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Double down on weeds
So what's caused weeds to resist glyphosate and other common herbicides?
Well, let's first trot out all the usual suspects:
• Repeated use of the same herbicide year after year.
• Use of below-label rates that lead to sub-lethal weed kills. This practice permits resistant weed biotypes to survive and to thrive.
• Treating weeds past their recommended growth stage. Killing enormous weeds is fun. And most of the time, glyphosate herbicide does kill them. Still, there's nothing worse than making a weed angry. Stunted weeds can snap back, produce seed, and greatly haunt you in subsequent years.
Application woes will key complexity
There's another culprit, believes Bob Wolf, co-owner of Wolf Consulting and Research in Mahomet, Illinois. “My contention is that application played a role in weed resistance to herbicides due to poor coverage and not getting enough product on the target for effective coverage,” he says.
Long-term, this will create an increasingly complex world of weed management. Here's why.
“Killing weeds is the first goal of applying a herbicide,” says Wolf, who recently retired as an Extension agricultural engineer at Kansas State University. “Minimizing drift is the second goal. Typically, small droplets improve coverage. Unfortunately, smaller droplets increase drift potential.”
Starting in the early 1990s, drift-reduction nozzles came onto the scene. They were able to make droplets bigger. Later on, this was combined with drift-control additives for stopping drift dead in its tracks. Still, this came at a price.
“With bigger droplets, you got less coverage,” notes Wolf. This was compounded by use at lower-than-recommended pressures.
“My observation is that applicators used them (drift control nozzles) just like the nozzles they used before at the normal pressures of 30 psi to 40 psi,” he says. “We found through research we did at Kansas State University that drift-control nozzles needed to be 60 psi to 80 psi to be effective.”
Subpar herbicide application also coincided with spraying at higher-than-recommended speeds. With new sprayer costs topping off close to $400,000, there's lots of pressure to get more acres to make it pay. Pressure is particularly acute for commercial applicators.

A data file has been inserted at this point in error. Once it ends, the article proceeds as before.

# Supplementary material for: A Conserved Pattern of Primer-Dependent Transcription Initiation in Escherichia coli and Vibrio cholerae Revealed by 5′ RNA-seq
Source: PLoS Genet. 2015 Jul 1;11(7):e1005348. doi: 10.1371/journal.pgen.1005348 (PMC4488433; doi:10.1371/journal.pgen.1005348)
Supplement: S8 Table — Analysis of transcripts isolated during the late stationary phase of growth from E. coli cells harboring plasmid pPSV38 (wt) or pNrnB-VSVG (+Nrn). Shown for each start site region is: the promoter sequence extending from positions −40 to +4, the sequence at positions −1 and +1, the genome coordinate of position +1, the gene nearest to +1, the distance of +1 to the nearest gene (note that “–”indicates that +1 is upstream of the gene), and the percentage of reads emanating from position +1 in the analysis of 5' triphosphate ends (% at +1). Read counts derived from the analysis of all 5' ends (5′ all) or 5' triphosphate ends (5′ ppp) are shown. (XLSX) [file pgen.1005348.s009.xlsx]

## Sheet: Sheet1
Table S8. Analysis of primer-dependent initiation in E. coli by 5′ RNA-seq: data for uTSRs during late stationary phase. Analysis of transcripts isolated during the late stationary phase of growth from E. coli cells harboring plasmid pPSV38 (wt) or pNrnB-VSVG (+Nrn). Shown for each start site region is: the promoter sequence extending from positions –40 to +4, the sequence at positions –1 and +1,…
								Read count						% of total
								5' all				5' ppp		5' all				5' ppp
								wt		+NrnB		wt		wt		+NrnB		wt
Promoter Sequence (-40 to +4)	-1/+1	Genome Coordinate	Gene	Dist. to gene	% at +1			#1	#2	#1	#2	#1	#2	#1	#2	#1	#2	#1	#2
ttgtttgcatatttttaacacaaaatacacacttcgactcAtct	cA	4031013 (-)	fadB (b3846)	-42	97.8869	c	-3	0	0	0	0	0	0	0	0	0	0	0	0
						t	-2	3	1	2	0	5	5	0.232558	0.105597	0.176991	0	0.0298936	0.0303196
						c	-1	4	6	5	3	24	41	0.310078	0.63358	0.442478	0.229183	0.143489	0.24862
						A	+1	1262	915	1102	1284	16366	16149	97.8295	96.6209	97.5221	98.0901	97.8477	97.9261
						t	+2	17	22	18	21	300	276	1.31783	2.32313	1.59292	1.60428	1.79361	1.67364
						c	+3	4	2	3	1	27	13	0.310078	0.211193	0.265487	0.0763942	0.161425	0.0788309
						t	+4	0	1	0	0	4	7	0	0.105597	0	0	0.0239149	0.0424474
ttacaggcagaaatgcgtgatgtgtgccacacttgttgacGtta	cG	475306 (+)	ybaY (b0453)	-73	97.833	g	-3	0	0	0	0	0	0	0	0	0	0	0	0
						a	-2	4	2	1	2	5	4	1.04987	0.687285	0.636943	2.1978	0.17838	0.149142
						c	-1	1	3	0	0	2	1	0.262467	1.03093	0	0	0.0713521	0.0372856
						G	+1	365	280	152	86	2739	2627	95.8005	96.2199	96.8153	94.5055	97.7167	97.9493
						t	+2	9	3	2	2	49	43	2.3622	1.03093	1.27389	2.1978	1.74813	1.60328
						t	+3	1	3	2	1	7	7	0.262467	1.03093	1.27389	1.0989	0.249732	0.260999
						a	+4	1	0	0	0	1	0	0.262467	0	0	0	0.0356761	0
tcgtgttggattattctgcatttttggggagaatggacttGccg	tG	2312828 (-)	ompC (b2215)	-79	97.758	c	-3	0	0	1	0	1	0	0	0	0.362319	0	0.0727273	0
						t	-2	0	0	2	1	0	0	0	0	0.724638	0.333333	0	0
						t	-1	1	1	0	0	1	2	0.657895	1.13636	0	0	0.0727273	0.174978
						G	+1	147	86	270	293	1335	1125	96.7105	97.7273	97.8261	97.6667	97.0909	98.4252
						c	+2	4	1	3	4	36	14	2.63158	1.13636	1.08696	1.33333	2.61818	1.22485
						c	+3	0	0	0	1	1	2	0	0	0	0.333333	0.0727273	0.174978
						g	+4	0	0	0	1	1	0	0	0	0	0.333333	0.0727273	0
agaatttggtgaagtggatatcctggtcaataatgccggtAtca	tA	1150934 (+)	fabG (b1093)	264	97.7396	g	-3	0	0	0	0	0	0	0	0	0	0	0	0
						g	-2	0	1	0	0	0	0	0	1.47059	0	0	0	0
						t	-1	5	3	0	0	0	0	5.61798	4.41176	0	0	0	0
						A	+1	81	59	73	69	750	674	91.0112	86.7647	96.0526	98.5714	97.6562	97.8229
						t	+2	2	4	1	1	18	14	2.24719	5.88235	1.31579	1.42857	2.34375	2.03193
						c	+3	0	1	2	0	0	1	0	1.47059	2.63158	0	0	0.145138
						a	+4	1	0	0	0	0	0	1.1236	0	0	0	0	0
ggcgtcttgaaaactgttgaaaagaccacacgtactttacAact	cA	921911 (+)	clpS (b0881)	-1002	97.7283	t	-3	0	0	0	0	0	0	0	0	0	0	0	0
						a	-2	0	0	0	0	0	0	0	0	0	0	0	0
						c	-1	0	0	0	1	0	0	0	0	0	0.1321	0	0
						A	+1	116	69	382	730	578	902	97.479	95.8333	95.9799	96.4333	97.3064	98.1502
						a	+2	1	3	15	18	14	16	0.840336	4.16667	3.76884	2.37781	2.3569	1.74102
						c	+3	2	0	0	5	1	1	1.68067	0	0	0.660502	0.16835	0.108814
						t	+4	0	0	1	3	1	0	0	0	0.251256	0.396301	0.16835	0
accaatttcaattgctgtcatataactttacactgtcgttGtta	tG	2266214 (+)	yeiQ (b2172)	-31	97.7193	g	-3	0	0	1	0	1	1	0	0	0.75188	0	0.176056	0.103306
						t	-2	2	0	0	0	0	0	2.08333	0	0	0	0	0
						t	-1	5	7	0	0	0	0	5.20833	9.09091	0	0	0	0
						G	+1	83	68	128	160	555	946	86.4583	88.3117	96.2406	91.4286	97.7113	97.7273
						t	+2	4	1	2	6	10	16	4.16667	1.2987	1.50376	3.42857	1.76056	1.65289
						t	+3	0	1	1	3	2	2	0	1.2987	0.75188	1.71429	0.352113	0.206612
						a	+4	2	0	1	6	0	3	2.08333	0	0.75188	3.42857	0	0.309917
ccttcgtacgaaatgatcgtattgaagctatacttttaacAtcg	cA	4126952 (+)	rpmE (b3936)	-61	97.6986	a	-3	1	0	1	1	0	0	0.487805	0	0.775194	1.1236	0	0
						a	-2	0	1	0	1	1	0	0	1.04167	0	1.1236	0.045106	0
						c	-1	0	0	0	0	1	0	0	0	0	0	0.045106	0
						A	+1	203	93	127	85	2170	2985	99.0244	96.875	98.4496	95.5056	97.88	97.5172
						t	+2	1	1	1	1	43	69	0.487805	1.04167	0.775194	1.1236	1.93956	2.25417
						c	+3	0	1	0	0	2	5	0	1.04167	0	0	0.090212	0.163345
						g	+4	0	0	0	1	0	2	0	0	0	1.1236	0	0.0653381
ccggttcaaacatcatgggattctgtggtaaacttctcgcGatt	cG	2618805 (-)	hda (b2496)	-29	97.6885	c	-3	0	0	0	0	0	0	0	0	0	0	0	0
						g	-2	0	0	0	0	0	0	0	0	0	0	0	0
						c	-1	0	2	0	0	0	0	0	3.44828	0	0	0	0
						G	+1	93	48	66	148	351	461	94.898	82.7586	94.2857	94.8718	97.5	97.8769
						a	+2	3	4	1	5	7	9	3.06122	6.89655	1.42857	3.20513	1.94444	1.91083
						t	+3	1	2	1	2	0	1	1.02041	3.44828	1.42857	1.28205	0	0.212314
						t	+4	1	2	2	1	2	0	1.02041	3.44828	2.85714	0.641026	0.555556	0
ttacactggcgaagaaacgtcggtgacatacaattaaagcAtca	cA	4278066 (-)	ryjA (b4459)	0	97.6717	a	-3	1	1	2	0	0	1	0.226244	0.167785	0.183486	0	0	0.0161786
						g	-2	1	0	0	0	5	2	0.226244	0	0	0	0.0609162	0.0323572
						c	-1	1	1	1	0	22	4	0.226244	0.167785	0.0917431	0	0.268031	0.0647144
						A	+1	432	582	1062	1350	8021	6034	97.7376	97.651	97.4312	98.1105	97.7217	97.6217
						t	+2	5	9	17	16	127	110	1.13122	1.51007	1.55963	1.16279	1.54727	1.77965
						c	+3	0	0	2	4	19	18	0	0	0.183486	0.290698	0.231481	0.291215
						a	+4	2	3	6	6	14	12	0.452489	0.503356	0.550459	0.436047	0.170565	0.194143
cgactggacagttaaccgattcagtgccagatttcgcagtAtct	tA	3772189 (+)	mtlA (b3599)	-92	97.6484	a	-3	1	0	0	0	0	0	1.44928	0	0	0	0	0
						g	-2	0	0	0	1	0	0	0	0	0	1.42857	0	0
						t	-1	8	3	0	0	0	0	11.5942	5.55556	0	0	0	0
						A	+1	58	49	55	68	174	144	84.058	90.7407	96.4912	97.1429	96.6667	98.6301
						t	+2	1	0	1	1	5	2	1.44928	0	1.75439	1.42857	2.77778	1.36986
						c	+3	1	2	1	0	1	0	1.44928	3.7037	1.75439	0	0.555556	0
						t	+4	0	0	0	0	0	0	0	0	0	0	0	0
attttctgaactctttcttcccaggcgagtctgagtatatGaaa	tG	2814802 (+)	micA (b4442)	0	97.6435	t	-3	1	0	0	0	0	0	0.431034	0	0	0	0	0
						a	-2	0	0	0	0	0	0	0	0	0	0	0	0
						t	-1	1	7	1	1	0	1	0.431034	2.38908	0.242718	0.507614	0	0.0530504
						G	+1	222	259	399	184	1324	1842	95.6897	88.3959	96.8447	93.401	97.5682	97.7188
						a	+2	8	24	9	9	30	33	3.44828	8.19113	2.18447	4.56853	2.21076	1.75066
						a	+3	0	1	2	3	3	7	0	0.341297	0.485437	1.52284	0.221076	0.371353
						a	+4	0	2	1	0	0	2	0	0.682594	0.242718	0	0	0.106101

“Usually, applicators are paid to cover acres,” says Wolf. “It might not be the best incentive, but it is a challenge we have.”
Coverage vs. drift potential cuts
Weighing in on coverage vs. slicing drift potential while covering more acres will continue to be a trade-off. This is particularly true now that technology (which enables crops to resist 2,4-D, dicamba, and HPPD inhibitors) is entering the scene. Drift is particularly a concern with 2,4-D and dicamba, although manufacturers say new formulations are easing this worry.
Diversifying your weed mix also involves bringing back older chemistries you may not have used for years. Mixing multiple modes of resistance is a good way to forestall resistance.
“You cannot continue to rely on Roundup, Roundup, Roundup,” says Scott Church, a Catlin, Illinois farmer.
The bad news is this will complicate weed-management matters. Fortunately, there are technologies and strategies that can be used to thrive in this new world. On the following pages are recommendations and strategies Wolf has outlined in developing the On Target Application Academy in partnership with BASF and TeeJet Technologies.
For a change, it's the younger generation that needs to adapt, rather than their parents.
“They're Roundup babies,” says Kip Tom, a Leesburg, Indiana, farmer. “They haven't had to fight weeds with all the herbicides we had to use when we started farming.”
Sprayers are spendy. In exchange for spending close to $400,000 for a top-of-the-line sprayer, though, you're assured of a user-friendly implement. “Equipment manufacturers are making our systems dumb-resistant so anyone can use them,” says Bob Wolf, co-owner of Wolf Consulting and Research.
It's important,however, that you know what is going on in the process. A sprayer can be undone by something costing just a few dollars: nozzles.
4 Reasons Why Nozzles Are Important
1. They control the amount of chemical applied.
2. They determine application uniformity.
3. They affect coverage.
4. They influence drift potential.
Follow the Color
One way to match nozzles to the recommended droplet size is a color-coded chart developed by the American Society of Agricultural and Biological Engineers. It matches spray quality to a color code. (Micron size data in this chart is courtesy of TeeJet.) Thus, if a label calls for a nozzle with an orfice size and psi to deliver a medium droplet, the chart calls for you to select a yellow-coded nozzle.
• Visit m.agriculture.com to directly download other mobile apps to your device.
Watch Sprayer Contamination
Tolerance to dicamba in soybeans will give farmers another weed-management option. It will also give farmers headaches if they don't properly clean the spray tank and lines.
“One of the the biggest problems with dicamba is you have to fill spray and nurse tanks (with dicamba) and then go and spray something else that maybe isn't dicamba-tolerant,” says Mike Owen, Iowa State University Extension weed specialist. “Sometimes glyphosate is in those tanks.”
Initially, glyphosate was an industrial cleaner. It can play that role in a spray tank or spray lines. If just a touch of dicamba remains, glyphosate will release it. These residues will be sprayed on the next crop, possibly on soybeans with no dicamba tolerance.